Tips for effective delegation
Delegation is a key management skill. In principal delegating sounds easy and there are people who can do it so well they make it look effortless. However, passing the baton in a work environment requires trust and effective communication. For some of us, delegation may be the hardest to put into practice. 

Penny van der Westhuizen, one of our amazing project managers has taken her years of experience managing cross-functional teams to share insights and tips on effective delegation. 

What is delegation?

Delegation is the practice of giving one of your colleagues the authority to make decisions within defined areas of responsibility; to authorize someone to do a job on your behalf. It does not mean that you are free from the responsibility for it. You still continue to be accountable, if things go wrong. 

“Delegating doesn't mean passing off work you don't enjoy but letting your employees STRETCH their skills and judgment.” Harvey Mackay
Harvey Mackay
The benefits of delegation
  • For you: It will provide more time and energy to focus on what you’re supposed to be doing, leading, and managing.
  • For staff: Builds confidence, and helps with job satisfaction and professional development.
  • For your team: Fresh perspectives on the task, and provides cover when you are on leave.
  • For the company: Develops future leaders.
Pitfalls to avoid when delegating

Sounds amazing right? So why do so many people get it wrong? These are some of the reasons why you may not be getting the desired results when delegating:

  • Underselling – don’t trivialize the task or duty you’re handing over.
  • Overselling – don’t over-hype the task, you may give the delegate a conflicting sense of priority.
  • Supervise too closely. 
  • Supervise not nearly enough.
  • Usurping their authority – don’t under-cut or overrule the delegate.
How to Delegate More Effectively

1. Know your work

What are the tasks/projects that need to be completed, and how will you know when they have been completed successfully? Focusing on SMART objectives and breaking them down further into subtasks, subprojects, or sub-objectives. 

2. Plan backward

Planning backward is a good practice. Start with the goal and then mentally plan the steps required to meet the goal, in reverse chronological order. This has a powerful effect and enhances the likelihood of goals being achieved.

3. Identify the team member

Engage with the assigned team member. Assignments should be based on their level of experience, knowledge, skill, and motivation. Take the following into consideration and action accordingly:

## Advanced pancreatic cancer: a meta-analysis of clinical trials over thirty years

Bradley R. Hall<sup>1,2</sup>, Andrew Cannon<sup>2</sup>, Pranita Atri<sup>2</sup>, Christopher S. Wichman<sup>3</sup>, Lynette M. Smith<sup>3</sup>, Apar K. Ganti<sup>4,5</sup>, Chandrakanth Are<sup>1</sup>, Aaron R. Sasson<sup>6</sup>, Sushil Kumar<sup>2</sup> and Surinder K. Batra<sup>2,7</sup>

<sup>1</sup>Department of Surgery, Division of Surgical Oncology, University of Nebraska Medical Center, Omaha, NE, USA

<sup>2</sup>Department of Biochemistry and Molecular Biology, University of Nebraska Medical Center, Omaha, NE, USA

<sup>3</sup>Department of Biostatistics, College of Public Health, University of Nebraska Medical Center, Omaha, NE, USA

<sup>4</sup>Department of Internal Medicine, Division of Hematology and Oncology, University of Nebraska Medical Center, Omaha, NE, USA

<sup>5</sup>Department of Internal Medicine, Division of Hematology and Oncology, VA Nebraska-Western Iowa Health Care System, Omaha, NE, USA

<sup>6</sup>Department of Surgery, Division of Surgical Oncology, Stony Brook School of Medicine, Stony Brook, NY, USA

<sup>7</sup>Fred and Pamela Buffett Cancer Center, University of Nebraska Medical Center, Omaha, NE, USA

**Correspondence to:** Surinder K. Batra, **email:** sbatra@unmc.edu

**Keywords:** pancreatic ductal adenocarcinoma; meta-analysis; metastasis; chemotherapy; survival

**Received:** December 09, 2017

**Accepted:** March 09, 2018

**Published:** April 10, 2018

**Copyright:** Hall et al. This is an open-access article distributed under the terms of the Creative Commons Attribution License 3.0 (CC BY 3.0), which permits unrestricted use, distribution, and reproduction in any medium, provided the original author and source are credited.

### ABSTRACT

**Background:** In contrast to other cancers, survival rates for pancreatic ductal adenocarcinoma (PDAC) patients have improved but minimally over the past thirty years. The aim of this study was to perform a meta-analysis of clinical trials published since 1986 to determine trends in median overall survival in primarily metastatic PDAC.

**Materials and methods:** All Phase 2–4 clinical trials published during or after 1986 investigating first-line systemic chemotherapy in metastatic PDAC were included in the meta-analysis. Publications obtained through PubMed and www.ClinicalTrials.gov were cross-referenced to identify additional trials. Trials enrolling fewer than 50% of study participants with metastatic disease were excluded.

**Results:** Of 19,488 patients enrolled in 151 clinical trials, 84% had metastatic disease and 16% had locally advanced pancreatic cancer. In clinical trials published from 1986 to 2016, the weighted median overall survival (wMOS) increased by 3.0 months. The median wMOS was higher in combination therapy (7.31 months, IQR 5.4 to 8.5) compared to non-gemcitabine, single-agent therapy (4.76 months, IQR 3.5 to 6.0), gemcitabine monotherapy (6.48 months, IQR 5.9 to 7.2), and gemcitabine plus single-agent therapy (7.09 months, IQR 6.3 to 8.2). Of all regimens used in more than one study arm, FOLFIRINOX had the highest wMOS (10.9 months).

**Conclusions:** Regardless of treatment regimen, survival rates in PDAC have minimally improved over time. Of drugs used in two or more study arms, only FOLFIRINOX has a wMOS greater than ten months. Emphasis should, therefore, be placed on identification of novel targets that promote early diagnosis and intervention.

• Do they have the confidence to tackle the role?
  • Is it a big stretch for them? 
  • Do they need extra training and support? 
  • Are you really clear on what is needed from them in order to get the work done?
4. Have the conversation with the individual

Outline the task, and how it fits into the broader scheme of things as well as what you think is the sensible pieces of the task. Explain the why and the how. 

Get their views on what you are proposing. Bear in mind that in many work situations the people at the “sharp-end” (closest to the work to be done) have a much better sense of how things can best be achieved. 

Discuss and agree on the SMART objectives. If the individual feels they are going to hit a blocker, you will need to explore why and how you might be able to help them achieve the objectives. 

5. Record agreements and timelines

Confirm in writing what has been agreed, timelines and when check-ins will happen to monitor progress. 

6. Provide ongoing feedback

Prioritize and focus your feedback. Consider the feedback’s potential value to the receiver and how you would respond – could you act on the feedback? As well, too much feedback provided at a single time can be overwhelming to the recipient. Your feedback should be a continuous process, not a one-time event. Use the following feedback tips:

  • Concentrate on the behavior, not the person. 
  • Balance the content of the feedback, and also focus on the positive.
  • Be specific. 
  • Be realistic. 
  • Own the feedback. 
  • Be timely. 
  • Offer continuing support. 
In short, good delegation practices focus on: 
  • Delegating the whole job
  • Clearly defining success
  • Offering support and an open line of communication
  • Identifying clear check-in meetings and project gateposts
  • Signaling trust in your people and a desire for their development
  • Delegating on the basis of competence and commitment to the project
Delegation framework
Delegation framework
References:
Penelopie Van der Westhuizen

Penny van der Westhuizen

Project Manager

Additional resources

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